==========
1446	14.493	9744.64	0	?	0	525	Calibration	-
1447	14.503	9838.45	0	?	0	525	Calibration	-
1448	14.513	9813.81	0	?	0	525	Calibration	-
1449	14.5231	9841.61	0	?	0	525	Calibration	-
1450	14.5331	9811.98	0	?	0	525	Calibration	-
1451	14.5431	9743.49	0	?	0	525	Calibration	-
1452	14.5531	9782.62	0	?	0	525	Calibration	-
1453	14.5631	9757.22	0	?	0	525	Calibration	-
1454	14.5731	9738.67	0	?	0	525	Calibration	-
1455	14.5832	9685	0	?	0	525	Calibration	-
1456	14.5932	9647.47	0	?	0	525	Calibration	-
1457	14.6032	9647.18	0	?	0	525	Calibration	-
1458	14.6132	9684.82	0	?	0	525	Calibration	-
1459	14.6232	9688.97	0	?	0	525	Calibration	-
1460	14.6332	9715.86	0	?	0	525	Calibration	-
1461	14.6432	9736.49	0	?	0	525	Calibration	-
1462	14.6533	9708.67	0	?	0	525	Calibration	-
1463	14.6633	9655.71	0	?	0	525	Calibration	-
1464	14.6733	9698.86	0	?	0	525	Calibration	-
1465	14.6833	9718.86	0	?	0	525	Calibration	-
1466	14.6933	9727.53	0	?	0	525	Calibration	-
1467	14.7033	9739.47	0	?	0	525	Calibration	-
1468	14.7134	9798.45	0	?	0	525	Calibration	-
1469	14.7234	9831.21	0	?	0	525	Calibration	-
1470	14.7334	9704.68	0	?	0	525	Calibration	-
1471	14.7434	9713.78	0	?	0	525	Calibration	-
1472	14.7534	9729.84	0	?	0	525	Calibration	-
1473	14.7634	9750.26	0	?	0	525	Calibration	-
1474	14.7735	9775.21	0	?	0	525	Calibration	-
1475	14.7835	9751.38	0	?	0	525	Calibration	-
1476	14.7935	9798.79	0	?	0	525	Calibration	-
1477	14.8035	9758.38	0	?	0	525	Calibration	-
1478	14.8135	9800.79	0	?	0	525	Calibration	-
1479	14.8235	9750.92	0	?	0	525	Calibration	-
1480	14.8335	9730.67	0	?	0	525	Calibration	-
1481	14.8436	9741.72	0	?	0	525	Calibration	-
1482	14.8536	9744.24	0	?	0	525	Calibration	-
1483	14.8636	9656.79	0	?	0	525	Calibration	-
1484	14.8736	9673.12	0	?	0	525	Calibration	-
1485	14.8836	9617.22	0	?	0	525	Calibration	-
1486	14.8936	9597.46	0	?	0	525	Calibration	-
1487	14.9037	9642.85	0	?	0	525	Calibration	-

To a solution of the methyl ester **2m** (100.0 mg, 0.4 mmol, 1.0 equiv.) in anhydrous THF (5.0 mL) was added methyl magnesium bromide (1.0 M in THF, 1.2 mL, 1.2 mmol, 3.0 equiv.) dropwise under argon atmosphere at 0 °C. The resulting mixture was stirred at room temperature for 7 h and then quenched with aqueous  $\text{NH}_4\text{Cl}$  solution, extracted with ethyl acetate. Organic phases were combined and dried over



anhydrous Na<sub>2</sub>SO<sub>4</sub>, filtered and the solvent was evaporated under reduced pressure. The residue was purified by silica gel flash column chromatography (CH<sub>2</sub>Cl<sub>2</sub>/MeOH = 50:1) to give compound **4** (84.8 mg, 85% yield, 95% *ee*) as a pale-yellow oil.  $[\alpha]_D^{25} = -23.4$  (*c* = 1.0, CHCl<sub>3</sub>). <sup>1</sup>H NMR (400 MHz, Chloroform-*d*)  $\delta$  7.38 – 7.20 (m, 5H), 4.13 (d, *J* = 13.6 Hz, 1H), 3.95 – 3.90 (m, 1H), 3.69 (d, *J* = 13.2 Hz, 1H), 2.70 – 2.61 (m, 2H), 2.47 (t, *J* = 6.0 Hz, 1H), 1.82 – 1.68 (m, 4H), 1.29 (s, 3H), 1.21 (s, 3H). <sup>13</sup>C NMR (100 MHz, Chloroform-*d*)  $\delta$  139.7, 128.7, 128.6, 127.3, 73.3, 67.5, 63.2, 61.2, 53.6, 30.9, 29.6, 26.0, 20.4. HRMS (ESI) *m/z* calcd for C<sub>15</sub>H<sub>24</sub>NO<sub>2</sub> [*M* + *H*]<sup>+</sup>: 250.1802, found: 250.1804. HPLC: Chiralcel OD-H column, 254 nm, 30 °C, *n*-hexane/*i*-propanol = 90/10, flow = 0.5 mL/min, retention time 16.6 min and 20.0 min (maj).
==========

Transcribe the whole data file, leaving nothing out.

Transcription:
1446	14.493	9744.64	0	?	0	525	Calibration	-
1447	14.503	9838.45	0	?	0	525	Calibration	-
1448	14.513	9813.81	0	?	0	525	Calibration	-
1449	14.5231	9841.61	0	?	0	525	Calibration	-
1450	14.5331	9811.98	0	?	0	525	Calibration	-
1451	14.5431	9743.49	0	?	0	525	Calibration	-
1452	14.5531	9782.62	0	?	0	525	Calibration	-
1453	14.5631	9757.22	0	?	0	525	Calibration	-
1454	14.5731	9738.67	0	?	0	525	Calibration	-
1455	14.5832	9685	0	?	0	525	Calibration	-
1456	14.5932	9647.47	0	?	0	525	Calibration	-
1457	14.6032	9647.18	0	?	0	525	Calibration	-
1458	14.6132	9684.82	0	?	0	525	Calibration	-
1459	14.6232	9688.97	0	?	0	525	Calibration	-
1460	14.6332	9715.86	0	?	0	525	Calibration	-
1461	14.6432	9736.49	0	?	0	525	Calibration	-
1462	14.6533	9708.67	0	?	0	525	Calibration	-
1463	14.6633	9655.71	0	?	0	525	Calibration	-
1464	14.6733	9698.86	0	?	0	525	Calibration	-
1465	14.6833	9718.86	0	?	0	525	Calibration	-
1466	14.6933	9727.53	0	?	0	525	Calibration	-
1467	14.7033	9739.47	0	?	0	525	Calibration	-
1468	14.7134	9798.45	0	?	0	525	Calibration	-
1469	14.7234	9831.21	0	?	0	525	Calibration	-
1470	14.7334	9704.68	0	?	0	525	Calibration	-
1471	14.7434	9713.78	0	?	0	525	Calibration	-
1472	14.7534	9729.84	0	?	0	525	Calibration	-
1473	14.7634	9750.26	0	?	0	525	Calibration	-
1474	14.7735	9775.21	0	?	0	525	Calibration	-
1475	14.7835	9751.38	0	?	0	525	Calibration	-
1476	14.7935	9798.79	0	?	0	525	Calibration	-
1477	14.8035	9758.38	0	?	0	525	Calibration	-
1478	14.8135	9800.79	0	?	0	525	Calibration	-
1479	14.8235	9750.92	0	?	0	525	Calibration	-
1480	14.8335	9730.67	0	?	0	525	Calibration	-
1481	14.8436	9741.72	0	?	0	525	Calibration	-
1482	14.8536	9744.24	0	?	0	525	Calibration	-
1483	14.8636	9656.79	0	?	0	525	Calibration	-
1484	14.8736	9673.12	0	?	0	525	Calibration	-
1485	14.8836	9617.22	0	?	0	525	Calibration	-
1486	14.8936	9597.46	0	?	0	525	Calibration	-
1487	14.9037	9642.85	0	?	0	525	Calibration	-

To a solution of the methyl ester **2m** (100.0 mg, 0.4 mmol, 1.0 equiv.) in anhydrous THF (5.0 mL) was added methyl magnesium bromide (1.0 M in THF, 1.2 mL, 1.2 mmol, 3.0 equiv.) dropwise under argon atmosphere at 0 °C. The resulting mixture was stirred at room temperature for 7 h and then quenched with aqueous  $\text{NH}_4\text{Cl}$  solution, extracted with ethyl acetate. Organic phases were combined and dried over



anhydrous Na<sub>2</sub>SO<sub>4</sub>, filtered and the solvent was evaporated under reduced pressure. The residue was purified by silica gel flash column chromatography (CH<sub>2</sub>Cl<sub>2</sub>/MeOH = 50:1) to give compound **4** (84.8 mg, 85% yield, 95% *ee*) as a pale-yellow oil.  $[\alpha]_D^{25} = -23.4$  (*c* = 1.0, CHCl<sub>3</sub>). <sup>1</sup>H NMR (400 MHz, Chloroform-*d*)  $\delta$  7.38 – 7.20 (m, 5H), 4.13 (d, *J* = 13.6 Hz, 1H), 3.95 – 3.90 (m, 1H), 3.69 (d, *J* = 13.2 Hz, 1H), 2.70 – 2.61 (m, 2H), 2.47 (t, *J* = 6.0 Hz, 1H), 1.82 – 1.68 (m, 4H), 1.29 (s, 3H), 1.21 (s, 3H). <sup>13</sup>C NMR (100 MHz, Chloroform-*d*)  $\delta$  139.7, 128.7, 128.6, 127.3, 73.3, 67.5, 63.2, 61.2, 53.6, 30.9, 29.6, 26.0, 20.4. HRMS (ESI) *m/z* calcd for C<sub>15</sub>H<sub>24</sub>NO<sub>2</sub> [*M* + *H*]<sup>+</sup>: 250.1802, found: 250.1804. HPLC: Chiralcel OD-H column, 254 nm, 30 °C, *n*-hexane/*i*-propanol = 90/10, flow = 0.5 mL/min, retention time 16.6 min and 20.0 min (maj).